With bipartisan politics virtually nonexistent, the upcoming midterm elections could have an outsized impact on federal policy, not only for the hot-button issues that have dominated the headlines since President Trump took office, but also in areas like investor protection.
Whether or not that happens depends on whether Republicans maintain control of both the House of Representatives and the Senate, or cede one or both of their majorities to the Democrats. All 435 members of the House are subject to elections, as they are every two years. For the Democrats to take back the House, they would need to add 25 new seats to their current 193. For the 100-member Senate to change hands, the Democrats would have to pick up two of the 35 seats up for election to gain a majority (if they win only one seat, the Senate would be tied 50-50, with Vice President Pence breaking any deadlock). To secure additional seats, Democrats are keenly focused on potential pickup opportunities in Arizona, Nevada and Tennessee, while the Republicans are looking to flip seats in Florida, Missouri, Montana, North Dakota and Indiana.
As of October 1, the Realclearpolitics.com “poll of polls” gives Democrats a 7.4% advantage in the generic Congressional ballot, which along with historical trends would indicate the Democrats have a good chance of winning control of the House. On September 27, Kyle Kondik, Managing Editor of Larry J. Sabato’s Crystal Ball of the University of Virginia’s Center for Politics said, “Our best guess right now is a Democratic House gain of somewhere in the low-to-mid 30s. But there are enough very close races that something like a 30-seat gain could turn into more like a 20-seat gain and leave the Democrats short of a majority. Back in July, we said the Democrats were ’soft favorites‘ to win the House. Their odds have likely gotten better since then, or at the very least have not gotten worse, but the GOP still has an opportunity to retain the House with some breaks.”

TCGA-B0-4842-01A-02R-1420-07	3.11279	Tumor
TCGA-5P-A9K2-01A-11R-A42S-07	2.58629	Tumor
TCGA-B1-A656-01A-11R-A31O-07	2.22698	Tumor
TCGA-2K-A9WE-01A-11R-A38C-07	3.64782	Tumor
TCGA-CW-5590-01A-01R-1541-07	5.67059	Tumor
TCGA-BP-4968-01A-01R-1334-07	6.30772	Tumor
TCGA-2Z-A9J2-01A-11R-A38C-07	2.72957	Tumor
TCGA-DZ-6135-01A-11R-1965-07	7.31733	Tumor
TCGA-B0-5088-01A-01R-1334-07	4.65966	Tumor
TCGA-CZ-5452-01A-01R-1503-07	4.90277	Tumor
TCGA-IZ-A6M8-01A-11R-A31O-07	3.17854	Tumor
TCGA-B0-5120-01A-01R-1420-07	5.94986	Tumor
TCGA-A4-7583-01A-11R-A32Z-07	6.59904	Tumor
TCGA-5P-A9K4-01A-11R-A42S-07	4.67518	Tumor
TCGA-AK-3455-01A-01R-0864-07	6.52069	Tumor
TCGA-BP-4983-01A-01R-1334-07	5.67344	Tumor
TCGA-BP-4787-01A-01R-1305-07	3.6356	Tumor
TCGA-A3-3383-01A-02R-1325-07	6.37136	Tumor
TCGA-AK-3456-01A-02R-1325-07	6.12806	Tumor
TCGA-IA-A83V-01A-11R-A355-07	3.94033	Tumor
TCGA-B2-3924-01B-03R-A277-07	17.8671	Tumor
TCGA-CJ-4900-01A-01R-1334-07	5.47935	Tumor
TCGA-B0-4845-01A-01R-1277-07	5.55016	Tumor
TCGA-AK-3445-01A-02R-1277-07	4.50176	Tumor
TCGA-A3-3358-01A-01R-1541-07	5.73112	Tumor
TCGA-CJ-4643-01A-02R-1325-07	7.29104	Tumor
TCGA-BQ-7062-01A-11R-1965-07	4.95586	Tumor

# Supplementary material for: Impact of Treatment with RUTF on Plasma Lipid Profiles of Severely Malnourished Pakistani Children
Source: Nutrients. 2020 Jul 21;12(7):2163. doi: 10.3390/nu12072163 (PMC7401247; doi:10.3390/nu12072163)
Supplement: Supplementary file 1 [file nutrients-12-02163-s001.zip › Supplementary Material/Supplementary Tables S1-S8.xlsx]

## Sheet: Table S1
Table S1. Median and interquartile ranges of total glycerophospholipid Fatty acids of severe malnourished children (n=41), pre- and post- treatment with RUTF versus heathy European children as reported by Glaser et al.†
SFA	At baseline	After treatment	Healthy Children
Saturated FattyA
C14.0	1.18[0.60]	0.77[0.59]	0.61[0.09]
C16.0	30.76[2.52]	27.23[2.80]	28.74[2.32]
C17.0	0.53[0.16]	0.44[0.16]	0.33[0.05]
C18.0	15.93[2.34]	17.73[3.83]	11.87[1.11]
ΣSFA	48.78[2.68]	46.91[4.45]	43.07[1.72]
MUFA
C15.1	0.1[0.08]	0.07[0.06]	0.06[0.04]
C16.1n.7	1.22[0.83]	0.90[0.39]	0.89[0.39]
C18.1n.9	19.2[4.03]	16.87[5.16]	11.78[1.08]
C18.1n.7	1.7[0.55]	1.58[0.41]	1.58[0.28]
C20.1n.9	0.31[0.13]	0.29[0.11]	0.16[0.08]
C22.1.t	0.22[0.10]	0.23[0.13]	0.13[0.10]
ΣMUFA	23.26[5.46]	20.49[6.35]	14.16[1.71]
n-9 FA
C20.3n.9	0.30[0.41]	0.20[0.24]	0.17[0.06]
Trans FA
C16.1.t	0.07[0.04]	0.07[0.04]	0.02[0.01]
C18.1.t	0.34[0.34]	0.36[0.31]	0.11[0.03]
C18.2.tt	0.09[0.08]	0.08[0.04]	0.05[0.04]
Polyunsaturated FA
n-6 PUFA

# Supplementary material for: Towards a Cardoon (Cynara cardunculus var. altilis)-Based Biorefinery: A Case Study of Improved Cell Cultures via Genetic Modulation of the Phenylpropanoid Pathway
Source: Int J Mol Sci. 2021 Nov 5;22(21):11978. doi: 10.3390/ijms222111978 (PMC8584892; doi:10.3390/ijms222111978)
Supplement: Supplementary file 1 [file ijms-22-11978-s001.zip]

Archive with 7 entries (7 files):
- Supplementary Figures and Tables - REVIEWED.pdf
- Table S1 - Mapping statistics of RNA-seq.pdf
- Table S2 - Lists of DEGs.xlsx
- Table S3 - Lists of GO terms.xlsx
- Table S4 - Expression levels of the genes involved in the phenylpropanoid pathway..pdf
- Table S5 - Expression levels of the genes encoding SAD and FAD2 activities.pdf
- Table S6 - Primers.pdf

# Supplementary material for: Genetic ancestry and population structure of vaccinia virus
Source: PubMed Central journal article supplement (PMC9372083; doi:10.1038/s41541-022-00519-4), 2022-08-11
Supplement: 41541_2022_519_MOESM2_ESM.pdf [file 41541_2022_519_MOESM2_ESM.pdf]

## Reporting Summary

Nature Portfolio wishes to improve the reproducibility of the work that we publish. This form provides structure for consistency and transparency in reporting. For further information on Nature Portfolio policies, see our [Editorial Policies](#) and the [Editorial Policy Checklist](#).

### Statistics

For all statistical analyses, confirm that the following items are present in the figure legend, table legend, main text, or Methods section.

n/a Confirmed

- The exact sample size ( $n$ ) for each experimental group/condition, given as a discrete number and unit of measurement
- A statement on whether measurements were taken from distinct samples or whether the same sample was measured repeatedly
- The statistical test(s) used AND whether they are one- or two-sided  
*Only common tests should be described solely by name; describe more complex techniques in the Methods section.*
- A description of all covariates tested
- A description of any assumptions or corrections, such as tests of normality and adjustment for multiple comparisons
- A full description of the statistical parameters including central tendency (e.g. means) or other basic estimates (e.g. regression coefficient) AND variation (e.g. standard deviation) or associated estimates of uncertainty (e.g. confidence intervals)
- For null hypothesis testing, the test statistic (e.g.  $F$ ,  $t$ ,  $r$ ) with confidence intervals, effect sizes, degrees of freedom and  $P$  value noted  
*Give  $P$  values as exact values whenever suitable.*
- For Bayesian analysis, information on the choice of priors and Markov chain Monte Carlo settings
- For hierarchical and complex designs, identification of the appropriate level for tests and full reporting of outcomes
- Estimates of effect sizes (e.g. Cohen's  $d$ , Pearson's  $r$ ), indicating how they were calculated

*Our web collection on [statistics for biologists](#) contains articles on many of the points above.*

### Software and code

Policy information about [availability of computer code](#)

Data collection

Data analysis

As for the Senate, most pundits think it will likely stay within a vote or two on either side, especially given the particular seats up for election, with Democrats needing to defend 26, including some in states where President Trump is very popular, and Republicans defending only nine, all but a handful considered relatively safe. Charlie Cook, Founder of The Cook Political Report, said on September 23 that: “What we are dealing with this year is actually very simple: there is a blue wave and a red sea wall. This election all turns on whether the blue wave rises above the Republican sea wall.” From Cook’s perspective, the sea wall has been created by the Republican institutional advantages from the 2010 redistricting effort and the fact Republican voters are more evenly spread out, whereas Democratic voters are clustered generally on the coasts and specifically in large cities.
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